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Theresa May’s preachy government is on a mission to restore our confidence

Every political moment is informed by, and a reaction against, its predecessor. The Age of May is no exception. David Cameron’s successes were founded, at least in part, on the vague appreciation that he seemed like a nice enough chap. Theresa May’s victories are built on the fact that she isn’t. 

Being a ‘bloody difficult woman’, if also a bloody dull one, has its advantages and not just in terms of paying a measure of homage to the great ghost of the Iron Lady. Theresa will stand for no nonsense, you understand, and things will be done properly and with a sense of order and purpose. What you see is what you get and there’s no need to like it; you are simply asked to respect it. 

So of course there is such a thing as ‘Mayism’ even if the prime minister asks us to think there isn’t, and even if much of it might also be considered ‘Timothyism’. It is always tempting to assume that behind every leader there lurks a ‘brain’ without whom the elder could barely function but in the case of Nick Timothy, the Tory leader’s co-chief of staff, there really is a brain, and it is difficult to underestimate his importance to the May project. 

Even so, May’s Conservatism is doggedly traditional. The details of any manifesto are relatively unimportant being, in any case, likely to be derailed by events. What matters, however, is how a party sees and presents itself. This is the framework within which it will operate; these are the lights that will guide it along its journey. In this instance, the manifesto unveiled today was unusually interesting:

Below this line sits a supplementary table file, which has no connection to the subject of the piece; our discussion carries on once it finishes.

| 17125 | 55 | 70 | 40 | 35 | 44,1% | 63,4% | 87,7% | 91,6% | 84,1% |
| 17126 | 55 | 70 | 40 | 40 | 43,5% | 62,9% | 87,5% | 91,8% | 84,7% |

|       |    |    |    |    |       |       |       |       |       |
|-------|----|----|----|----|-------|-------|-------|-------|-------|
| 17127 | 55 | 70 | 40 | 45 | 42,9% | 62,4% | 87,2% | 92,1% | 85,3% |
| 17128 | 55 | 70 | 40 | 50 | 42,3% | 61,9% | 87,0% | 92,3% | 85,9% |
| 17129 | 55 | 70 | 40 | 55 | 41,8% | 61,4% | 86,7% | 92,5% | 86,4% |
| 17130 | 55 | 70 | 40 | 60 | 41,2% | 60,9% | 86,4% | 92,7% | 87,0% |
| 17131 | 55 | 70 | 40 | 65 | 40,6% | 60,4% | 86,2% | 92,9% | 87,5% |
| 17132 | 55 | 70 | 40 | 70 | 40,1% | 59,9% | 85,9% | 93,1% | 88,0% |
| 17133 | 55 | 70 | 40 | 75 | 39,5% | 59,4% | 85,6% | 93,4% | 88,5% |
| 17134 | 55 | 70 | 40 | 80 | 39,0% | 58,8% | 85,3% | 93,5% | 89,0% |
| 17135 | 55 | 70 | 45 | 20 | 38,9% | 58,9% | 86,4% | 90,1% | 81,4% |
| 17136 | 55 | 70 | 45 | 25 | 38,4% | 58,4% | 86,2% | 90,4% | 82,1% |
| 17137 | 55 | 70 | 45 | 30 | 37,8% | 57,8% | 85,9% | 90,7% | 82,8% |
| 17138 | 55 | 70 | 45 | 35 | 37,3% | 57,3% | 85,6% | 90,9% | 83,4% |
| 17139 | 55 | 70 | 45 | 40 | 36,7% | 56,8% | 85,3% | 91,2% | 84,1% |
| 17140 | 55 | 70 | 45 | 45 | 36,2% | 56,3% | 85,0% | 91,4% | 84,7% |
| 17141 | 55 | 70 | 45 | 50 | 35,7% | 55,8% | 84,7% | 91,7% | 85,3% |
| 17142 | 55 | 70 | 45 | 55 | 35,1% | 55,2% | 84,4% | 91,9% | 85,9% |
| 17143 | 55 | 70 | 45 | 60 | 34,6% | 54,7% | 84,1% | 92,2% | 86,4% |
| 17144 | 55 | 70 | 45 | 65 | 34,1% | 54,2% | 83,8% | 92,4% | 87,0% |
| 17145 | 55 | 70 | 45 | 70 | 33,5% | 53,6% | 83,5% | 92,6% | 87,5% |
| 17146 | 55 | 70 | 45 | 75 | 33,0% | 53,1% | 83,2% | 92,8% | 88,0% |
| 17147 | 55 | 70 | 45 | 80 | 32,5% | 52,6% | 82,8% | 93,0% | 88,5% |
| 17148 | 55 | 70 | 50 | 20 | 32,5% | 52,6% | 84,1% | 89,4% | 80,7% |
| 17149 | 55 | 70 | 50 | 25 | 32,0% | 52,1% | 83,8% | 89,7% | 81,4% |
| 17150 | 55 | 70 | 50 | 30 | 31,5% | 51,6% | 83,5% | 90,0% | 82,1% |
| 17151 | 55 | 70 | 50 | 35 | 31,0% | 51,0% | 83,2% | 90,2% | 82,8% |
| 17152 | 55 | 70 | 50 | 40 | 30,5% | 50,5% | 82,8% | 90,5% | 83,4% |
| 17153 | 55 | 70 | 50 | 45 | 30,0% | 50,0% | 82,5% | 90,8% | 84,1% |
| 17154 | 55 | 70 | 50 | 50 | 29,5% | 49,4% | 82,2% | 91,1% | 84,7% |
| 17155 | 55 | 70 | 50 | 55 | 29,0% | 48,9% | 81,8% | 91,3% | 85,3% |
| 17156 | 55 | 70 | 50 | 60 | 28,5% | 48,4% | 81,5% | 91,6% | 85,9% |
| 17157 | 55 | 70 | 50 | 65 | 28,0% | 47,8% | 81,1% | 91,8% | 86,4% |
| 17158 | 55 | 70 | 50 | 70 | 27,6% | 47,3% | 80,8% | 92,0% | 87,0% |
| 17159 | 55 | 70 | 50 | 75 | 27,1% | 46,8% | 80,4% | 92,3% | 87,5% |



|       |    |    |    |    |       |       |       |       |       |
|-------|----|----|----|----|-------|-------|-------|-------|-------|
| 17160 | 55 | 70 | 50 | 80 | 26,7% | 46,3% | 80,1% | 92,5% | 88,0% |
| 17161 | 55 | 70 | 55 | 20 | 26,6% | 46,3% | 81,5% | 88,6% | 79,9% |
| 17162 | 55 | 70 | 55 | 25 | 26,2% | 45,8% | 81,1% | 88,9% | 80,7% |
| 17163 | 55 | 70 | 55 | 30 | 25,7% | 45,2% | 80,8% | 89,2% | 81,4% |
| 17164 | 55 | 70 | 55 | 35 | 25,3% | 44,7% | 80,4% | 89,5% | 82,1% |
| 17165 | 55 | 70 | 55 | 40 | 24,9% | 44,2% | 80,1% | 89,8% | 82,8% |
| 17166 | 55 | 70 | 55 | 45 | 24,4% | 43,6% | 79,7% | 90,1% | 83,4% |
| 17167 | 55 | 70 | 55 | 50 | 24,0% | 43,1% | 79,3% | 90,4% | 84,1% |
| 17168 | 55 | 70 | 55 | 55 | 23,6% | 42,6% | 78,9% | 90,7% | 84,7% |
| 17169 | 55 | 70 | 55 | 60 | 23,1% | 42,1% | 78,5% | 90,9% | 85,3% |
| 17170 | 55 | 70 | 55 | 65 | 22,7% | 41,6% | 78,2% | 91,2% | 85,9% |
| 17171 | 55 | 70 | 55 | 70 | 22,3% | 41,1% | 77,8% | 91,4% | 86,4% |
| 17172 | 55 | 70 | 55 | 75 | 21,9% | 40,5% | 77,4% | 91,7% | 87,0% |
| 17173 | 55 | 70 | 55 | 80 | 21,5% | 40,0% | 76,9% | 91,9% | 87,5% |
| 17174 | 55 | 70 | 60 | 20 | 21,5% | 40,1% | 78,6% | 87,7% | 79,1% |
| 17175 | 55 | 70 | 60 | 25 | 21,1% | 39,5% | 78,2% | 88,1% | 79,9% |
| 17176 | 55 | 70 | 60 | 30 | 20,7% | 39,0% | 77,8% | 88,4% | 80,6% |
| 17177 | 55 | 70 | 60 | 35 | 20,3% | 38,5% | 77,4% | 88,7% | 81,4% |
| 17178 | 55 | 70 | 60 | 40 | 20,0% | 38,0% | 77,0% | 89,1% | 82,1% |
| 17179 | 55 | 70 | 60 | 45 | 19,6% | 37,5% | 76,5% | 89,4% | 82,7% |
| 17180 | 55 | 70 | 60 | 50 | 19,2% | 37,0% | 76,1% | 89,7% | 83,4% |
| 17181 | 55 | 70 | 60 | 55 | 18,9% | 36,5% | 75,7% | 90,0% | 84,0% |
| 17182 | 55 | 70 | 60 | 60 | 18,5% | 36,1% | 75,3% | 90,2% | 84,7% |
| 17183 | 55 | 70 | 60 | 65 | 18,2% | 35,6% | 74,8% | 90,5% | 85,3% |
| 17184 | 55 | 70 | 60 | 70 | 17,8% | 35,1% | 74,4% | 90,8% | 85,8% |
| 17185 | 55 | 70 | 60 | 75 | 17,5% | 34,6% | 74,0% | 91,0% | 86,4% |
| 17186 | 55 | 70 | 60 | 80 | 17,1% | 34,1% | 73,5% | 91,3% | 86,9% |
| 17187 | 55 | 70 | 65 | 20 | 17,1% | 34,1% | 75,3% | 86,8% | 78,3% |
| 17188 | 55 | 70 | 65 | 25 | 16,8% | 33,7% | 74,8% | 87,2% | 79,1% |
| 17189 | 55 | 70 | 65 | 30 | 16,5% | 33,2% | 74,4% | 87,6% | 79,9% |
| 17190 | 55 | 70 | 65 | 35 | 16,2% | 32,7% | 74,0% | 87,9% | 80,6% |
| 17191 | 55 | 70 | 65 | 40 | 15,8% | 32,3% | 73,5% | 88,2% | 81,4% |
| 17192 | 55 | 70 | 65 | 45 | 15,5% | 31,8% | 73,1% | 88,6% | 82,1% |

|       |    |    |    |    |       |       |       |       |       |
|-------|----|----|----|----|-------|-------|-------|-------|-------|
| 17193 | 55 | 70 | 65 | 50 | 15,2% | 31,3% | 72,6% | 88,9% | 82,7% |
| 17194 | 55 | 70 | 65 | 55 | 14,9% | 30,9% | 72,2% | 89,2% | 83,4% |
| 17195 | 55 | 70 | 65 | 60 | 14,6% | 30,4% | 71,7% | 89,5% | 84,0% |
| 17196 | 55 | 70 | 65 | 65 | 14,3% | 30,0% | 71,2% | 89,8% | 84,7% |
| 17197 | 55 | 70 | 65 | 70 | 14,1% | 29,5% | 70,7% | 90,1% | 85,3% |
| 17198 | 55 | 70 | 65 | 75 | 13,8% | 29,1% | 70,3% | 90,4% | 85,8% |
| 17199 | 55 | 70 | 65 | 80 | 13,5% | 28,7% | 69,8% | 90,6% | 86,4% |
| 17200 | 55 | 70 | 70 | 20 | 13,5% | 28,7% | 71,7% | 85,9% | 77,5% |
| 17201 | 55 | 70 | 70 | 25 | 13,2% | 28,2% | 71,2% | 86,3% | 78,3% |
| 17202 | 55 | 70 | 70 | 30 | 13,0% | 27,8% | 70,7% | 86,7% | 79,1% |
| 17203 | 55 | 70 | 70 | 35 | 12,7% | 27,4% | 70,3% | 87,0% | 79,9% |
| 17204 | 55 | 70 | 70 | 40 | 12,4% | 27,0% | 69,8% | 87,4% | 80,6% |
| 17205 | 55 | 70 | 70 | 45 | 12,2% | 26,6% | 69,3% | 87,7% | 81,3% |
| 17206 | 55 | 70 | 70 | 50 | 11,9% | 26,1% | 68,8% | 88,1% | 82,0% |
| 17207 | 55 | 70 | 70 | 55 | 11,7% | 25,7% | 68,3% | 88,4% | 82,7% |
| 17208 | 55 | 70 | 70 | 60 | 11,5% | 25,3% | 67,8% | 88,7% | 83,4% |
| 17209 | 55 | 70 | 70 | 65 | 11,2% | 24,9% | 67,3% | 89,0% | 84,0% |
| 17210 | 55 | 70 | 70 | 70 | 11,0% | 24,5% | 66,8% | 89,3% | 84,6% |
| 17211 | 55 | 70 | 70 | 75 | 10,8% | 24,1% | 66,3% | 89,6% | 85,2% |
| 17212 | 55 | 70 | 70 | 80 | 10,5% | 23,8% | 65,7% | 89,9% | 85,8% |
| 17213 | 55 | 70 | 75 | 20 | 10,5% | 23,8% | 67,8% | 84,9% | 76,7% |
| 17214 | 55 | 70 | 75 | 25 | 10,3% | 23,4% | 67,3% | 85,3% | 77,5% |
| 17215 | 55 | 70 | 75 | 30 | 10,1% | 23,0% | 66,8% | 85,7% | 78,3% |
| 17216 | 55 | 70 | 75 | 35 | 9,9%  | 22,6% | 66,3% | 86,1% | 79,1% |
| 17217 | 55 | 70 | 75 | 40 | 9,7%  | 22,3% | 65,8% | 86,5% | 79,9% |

‘We do not believe in untrammelled free markets. We reject the cult of selfish individualism. We abhor social division, injustice, unfairness and inequality. We see rigid dogma and ideology not just as needless but dangerous.’

‘True Conservatism means a commitment to country and community; a belief not just in society but in the good that government can do; a respect for the local and national institutions that bind us together; an insight that change is inevitable and change can be good, but that change should be shaped, through strong leadership and clear principles, for the common good.’

‘We know that our responsibility to one another is greater than the rights we hold as individuals. We know that we all have obligations to one another, because that is what community and nation demands. We understand that nobody, however powerful, has succeeded alone and that we all therefore have a debt to others. We respect the fact that society is a contract between the generations: a partnership between those who are living, those who have lived before us, and those who are yet to be born.’

It is easy to view this as a repudiation of Thatcherism or, at any rate, a retort to a caricature of Thatcherism. But that is too easy, too simplistic, a view. Thatcherism was never as radically free-market as it is sometimes remembered as being. She was constrained too. Nonetheless, just as Thatcherism was a response to the failures of the 1970s, so Mayism is a delayed reaction to the failures of the 2000s.


It takes time for shockwaves to work through the system and it’s only when they have done so that the process of rebuilding can take place. Mayism should, I think, be understood as a response to the great crash of 2008 and all that has followed since.